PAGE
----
30 Jan A global solution to a global refugee crisis
If implemented as intended, the UN Refugee Convention points the way to a truly global solution to the refugee crisis. A contribution to the open GlobalRights debate on the future of refugee protection.
The UN Refugee Convention occupies an increasingly marginal position in the way refugees are protected around the world. I think this is a bad thing: for refugees and for states.
Presenting the draft of the Refugee Convention some 65 years ago, the first UN Secretary-General explained that “[t]his phase… will be characterized by the fact that refugees will lead independent lives in countries who housed them. Except for ‘extreme’ cases, refugees will no longer be held by an international organization as they currently are. They will be integrated into the economic system of the countries of asylum and they themselves will cover their own needs and those of their families”.
However, today, despite the fact that 148 countries have joined the Refugee Convention, the reality is quite the opposite. Most refugees are currently not allowed to live independent lives. Most of the refugees are being held by an international organization. And most refugees are definitely not allowed to provide for their own needs.
What went wrong?
Something that is not bad is the Refugee Convention itself. The refugee definition (a person with a “well-founded fear of persecution” on the basis of discrimination) has proven very flexible, identifying new groups of deeply marginalized people who cannot benefit from human rights protections in their own countries.
At least as important, his catalog of refugee-specific rights remains as valuable as ever. The underlying theory of the Refugee Convention is not about creating dependency through handouts at all. On the contrary, it guarantees the social and economic rights that refugees need to be able to recover after being forced to leave their own national community; for example, to have access to education, look for work, and start businesses. And as it was evident to the states that drafted the treaty, refugees could not begin to care for themselves, much less contribute to the well-being of their host communities, if they were locked up.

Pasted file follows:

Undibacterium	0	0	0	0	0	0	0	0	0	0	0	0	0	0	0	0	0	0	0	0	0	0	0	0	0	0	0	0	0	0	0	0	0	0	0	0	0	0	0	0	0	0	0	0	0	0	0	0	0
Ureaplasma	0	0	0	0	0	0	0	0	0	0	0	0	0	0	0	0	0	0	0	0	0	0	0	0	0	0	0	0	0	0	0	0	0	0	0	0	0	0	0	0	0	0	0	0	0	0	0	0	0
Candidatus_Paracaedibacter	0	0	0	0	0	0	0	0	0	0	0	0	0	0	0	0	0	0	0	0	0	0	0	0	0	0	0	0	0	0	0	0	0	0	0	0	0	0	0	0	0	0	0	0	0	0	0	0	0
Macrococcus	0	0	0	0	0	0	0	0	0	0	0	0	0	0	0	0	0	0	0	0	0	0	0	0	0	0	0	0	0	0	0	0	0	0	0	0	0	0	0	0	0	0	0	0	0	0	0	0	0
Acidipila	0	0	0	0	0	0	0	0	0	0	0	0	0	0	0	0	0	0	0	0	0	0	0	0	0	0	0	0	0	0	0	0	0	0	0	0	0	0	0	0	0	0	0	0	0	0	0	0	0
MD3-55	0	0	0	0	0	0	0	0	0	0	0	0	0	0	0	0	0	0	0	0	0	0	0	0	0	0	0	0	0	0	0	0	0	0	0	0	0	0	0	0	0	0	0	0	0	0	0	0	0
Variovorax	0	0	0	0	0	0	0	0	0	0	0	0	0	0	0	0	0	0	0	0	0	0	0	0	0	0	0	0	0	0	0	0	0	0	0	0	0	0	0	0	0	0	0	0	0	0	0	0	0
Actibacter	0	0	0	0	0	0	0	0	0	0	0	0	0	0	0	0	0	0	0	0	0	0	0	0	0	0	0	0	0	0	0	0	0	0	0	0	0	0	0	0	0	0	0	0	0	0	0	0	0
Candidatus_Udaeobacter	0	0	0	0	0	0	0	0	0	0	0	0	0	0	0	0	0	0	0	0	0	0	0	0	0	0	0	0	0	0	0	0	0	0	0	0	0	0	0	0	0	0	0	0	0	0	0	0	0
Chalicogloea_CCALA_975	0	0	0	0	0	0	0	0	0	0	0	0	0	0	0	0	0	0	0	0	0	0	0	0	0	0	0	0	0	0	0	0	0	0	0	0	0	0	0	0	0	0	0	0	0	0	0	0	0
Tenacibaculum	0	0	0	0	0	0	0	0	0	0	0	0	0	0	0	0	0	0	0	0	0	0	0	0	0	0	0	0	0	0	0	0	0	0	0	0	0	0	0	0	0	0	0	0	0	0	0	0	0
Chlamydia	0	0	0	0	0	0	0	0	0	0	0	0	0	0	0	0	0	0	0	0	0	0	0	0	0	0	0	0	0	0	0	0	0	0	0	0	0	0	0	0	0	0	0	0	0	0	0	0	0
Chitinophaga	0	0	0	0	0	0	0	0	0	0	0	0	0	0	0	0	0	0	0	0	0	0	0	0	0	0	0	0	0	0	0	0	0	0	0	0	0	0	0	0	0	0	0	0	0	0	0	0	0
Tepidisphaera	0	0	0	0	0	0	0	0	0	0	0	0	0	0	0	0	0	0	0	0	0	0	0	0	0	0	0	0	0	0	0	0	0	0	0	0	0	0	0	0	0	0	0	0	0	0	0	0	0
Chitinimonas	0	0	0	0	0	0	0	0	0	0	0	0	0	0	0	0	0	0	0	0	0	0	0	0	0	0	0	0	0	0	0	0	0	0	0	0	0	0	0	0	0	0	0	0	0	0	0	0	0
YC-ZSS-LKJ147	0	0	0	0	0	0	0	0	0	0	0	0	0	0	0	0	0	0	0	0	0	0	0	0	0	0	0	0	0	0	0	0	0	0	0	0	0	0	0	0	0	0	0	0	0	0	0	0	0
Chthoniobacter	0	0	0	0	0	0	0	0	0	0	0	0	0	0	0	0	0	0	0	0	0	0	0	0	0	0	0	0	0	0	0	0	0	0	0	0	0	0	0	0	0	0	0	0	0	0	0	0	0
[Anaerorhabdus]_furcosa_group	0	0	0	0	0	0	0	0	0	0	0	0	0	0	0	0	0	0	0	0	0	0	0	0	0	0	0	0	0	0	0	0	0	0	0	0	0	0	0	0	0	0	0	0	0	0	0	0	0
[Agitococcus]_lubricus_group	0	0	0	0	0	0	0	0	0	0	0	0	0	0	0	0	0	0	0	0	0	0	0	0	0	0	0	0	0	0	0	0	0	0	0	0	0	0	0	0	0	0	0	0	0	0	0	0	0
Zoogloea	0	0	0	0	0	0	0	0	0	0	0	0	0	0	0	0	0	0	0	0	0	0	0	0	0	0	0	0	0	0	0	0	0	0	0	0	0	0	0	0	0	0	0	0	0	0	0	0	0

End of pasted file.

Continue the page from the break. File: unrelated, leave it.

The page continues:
In what direction is it necessary to move forward?
A team of lawyers, social scientists, NGO activists, and government and intergovernmental officials, from all over the world, worked for five years to conceive the blueprint for a new approach to implementing the Refugee Convention. We reached a consensus on a number of basic principles.
Reforms must address the circumstances of all states, not just a few most powerful.
Most of the efforts to “reform” the refugee regime in recent years have been designed and controlled by powerful states, such as Australia and the European Union. No effort has been made to share in an equitable and binding way the much heavier burdens and responsibilities of the less developed world, not even at the level of economic contributions or the guarantee of resettlement opportunities. This condemns the poorest states, and the 80% of refugees residing in them, to rely on fickle and often insufficient support, often resulting in refugee rights not being respected. These are also decidedly short-sighted efforts, as the lack of meaningful protection alternatives close to home is a major motivation for seeking asylum outside the region; and this often favors the strategies of smugglers and traffickers.
Formulate plans for refugee movements, instead of simply reacting to them.